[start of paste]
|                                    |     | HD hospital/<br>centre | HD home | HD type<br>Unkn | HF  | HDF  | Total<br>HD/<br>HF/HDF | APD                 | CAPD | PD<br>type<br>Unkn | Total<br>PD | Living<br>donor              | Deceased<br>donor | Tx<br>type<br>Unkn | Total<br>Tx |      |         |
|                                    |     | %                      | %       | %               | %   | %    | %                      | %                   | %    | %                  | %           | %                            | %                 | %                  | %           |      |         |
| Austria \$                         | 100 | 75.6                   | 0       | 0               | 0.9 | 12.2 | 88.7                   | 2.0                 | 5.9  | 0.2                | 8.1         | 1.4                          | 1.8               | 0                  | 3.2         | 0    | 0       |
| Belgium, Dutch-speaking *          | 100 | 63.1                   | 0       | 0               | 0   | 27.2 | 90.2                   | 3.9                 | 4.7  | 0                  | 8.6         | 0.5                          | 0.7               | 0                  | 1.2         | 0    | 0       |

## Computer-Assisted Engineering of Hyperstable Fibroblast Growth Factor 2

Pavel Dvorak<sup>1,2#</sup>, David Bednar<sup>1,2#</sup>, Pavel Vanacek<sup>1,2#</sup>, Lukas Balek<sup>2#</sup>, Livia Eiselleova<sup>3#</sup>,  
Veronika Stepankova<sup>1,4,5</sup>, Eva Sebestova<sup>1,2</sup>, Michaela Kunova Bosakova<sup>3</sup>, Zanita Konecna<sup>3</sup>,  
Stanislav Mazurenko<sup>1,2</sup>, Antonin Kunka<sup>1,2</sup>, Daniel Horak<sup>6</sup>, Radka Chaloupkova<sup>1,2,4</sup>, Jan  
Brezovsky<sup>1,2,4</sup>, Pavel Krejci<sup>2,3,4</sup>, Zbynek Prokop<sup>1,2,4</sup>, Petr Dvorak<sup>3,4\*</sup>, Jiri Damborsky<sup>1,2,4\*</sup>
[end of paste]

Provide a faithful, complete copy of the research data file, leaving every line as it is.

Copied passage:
|                                    |     | HD hospital/<br>centre | HD home | HD type<br>Unkn | HF  | HDF  | Total<br>HD/<br>HF/HDF | APD                 | CAPD | PD<br>type<br>Unkn | Total<br>PD | Living<br>donor              | Deceased<br>donor | Tx<br>type<br>Unkn | Total<br>Tx |      |         |
|                                    |     | %                      | %       | %               | %   | %    | %                      | %                   | %    | %                  | %           | %                            | %                 | %                  | %           |      |         |
| Austria \$                         | 100 | 75.6                   | 0       | 0               | 0.9 | 12.2 | 88.7                   | 2.0                 | 5.9  | 0.2                | 8.1         | 1.4                          | 1.8               | 0                  | 3.2         | 0    | 0       |
| Belgium, Dutch-speaking *          | 100 | 63.1                   | 0       | 0               | 0   | 27.2 | 90.2                   | 3.9                 | 4.7  | 0                  | 8.6         | 0.5                          | 0.7               | 0                  | 1.2         | 0    | 0       |

## Computer-Assisted Engineering of Hyperstable Fibroblast Growth Factor 2

Pavel Dvorak<sup>1,2#</sup>, David Bednar<sup>1,2#</sup>, Pavel Vanacek<sup>1,2#</sup>, Lukas Balek<sup>2#</sup>, Livia Eiselleova<sup>3#</sup>,  
Veronika Stepankova<sup>1,4,5</sup>, Eva Sebestova<sup>1,2</sup>, Michaela Kunova Bosakova<sup>3</sup>, Zanita Konecna<sup>3</sup>,  
Stanislav Mazurenko<sup>1,2</sup>, Antonin Kunka<sup>1,2</sup>, Daniel Horak<sup>6</sup>, Radka Chaloupkova<sup>1,2,4</sup>, Jan  
Brezovsky<sup>1,2,4</sup>, Pavel Krejci<sup>2,3,4</sup>, Zbynek Prokop<sup>1,2,4</sup>, Petr Dvorak<sup>3,4\*</sup>, Jiri Damborsky<sup>1,2,4\*</sup>